Bridges

What is a bridge?
A bridge is a dental restoration that replaces or spans the space where one or more teeth
have been lost. The most common bridges replace one missing tooth. The area of the
missing tooth must have a natural tooth in front of the space as well as behind the space
for a bridge to attach. The process of fabricating a bridge is similar to that of a crown.
The process of cementing a bridge is also similar to that of cementing a crown. Like a
crown, once a bridge is cemented it will stay in place and cannot be taken in and out.

I lost one of my teeth. What if I do not replace it?
If you are missing one or more teeth, you may be particularly self-conscious about
your appearance. And when teeth are missing, it is more difficult to chew. Teeth work
together. When a tooth is lost, the nearby teeth may tilt into the empty space. Or the
teeth in the opposite jaw may shift up or down toward the space. This can affect your
bite and place unusual stress on your teeth. Chewing on one side only may cause extra
stress on your jaw joints. A missing tooth also results in shrinking of the jawbone. This
can change how the lips and cheeks are supported. Teeth that have tipped or drifted
are often difficult to clean. This makes them more susceptible to tooth decay and gum
disease. In the long run, more teeth may be lost.

What will my bridge be made of? Will it look natural?
Dr. Pettyjohn normally recommends three different types of bridges depending on
your needs. She most often recommends bridges that are tooth colored porcelain
on the outside for esthetics and a mixture of gold and other metals on the inside for
strength. Sometimes, all porcelain bridges are used when a patient has very high esthetic
requirements. Rarely, full gold bridges are used when a patient has very high strength
requirements.

How will you make my bridge?
Dr. Pettyjohn will fabricate your bridge in much the same way that she fabricates a
crown. Two dental visits and several intricate steps are required. Please refer to the
section How will you crown my tooth? for a detailed description of this process.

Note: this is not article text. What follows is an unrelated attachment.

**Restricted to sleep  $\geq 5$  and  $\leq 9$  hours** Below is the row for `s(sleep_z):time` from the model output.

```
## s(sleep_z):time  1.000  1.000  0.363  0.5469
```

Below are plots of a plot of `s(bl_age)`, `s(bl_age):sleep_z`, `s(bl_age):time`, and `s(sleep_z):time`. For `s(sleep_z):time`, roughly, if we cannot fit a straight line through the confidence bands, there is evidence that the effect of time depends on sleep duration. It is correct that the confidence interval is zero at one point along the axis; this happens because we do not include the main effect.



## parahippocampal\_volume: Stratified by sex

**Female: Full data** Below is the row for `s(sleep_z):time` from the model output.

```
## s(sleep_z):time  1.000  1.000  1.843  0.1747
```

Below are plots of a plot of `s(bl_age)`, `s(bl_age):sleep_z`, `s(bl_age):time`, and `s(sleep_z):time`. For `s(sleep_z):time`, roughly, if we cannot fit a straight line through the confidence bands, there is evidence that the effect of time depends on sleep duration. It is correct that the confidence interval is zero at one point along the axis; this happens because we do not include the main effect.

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Cleanings

Why should I have a professional dental cleaning?
Regular dental cleanings are important to remove plaque, calculus, and stains that you are
unable to clean off with regular brushing and flossing. Dental cleanings help keep your
mouth and therefore your overall body more healthy. They also help prevent periodontal
(gum and bone) disease and give your hygienist a chance to review your oral hygiene and
diet. She may also recommend specific products such as toothbrushes, toothpastes, and
mouth rinses to help you keep your smile looking and feeling its best.

What causes gum and bone disease problems?
Periodontal (gum and bone) disease is a chronic infection caused by bacteria. It begins
when certain bacteria in plaque (the sticky, colorless film that constantly forms and
adheres on teeth and oral tissues) produce toxins and enzymes that irritate the gums. This
causes inflammation if plaque is not removed daily.

Do I have gingivitis?
Plaque that remains on teeth can irritate the gums, making them red, tender, and likely
to bleed. This condition, called gingivitis, can lead to more serious types of periodontal
(gum and bone) disease. Gingivitis can be reversed and gums kept healthy by removing
plaque every day with a good oral hygiene routine and regular professional dental
cleanings.

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Composite Fillings

I want a natural looking filling? What do you recommend?
Advances in modern dental materials and techniques offer new ways to create more
natural looking smiles. Composite fillings are one of the best functional and esthetic
ways to restore a tooth from decay. We have a wide range of composite filling shades so
that we can blend the filling material in with the natural color of your teeth.

How will you fill my tooth?
When you have a cavity, Dr. Pettyjohn will first remove the decayed part of the tooth.
Because composite fillings bond to your natural tooth, she can be more conservative
with removal of tooth structure than with amalgam fillings which require undercuts.
Composite fillings are placed in layers for optimum strength and then cured with a
high powered visible light. Finally, they are shaped and polished to mimic the natural
contours of your tooth. When finished, composite fillings are virtually invisible.

I think an old filling fell out. Should I have it replaced?
Dental fillings will last many years before they need to be replaced. However, there are a
number of reasons that old fillings may need replacement. Constant stress from chewing,
grinding, and clenching teeth may eventually cause a filling to chip, crack, wear down,
or fall out. A filling may also need to be replaced if the surrounding tooth structure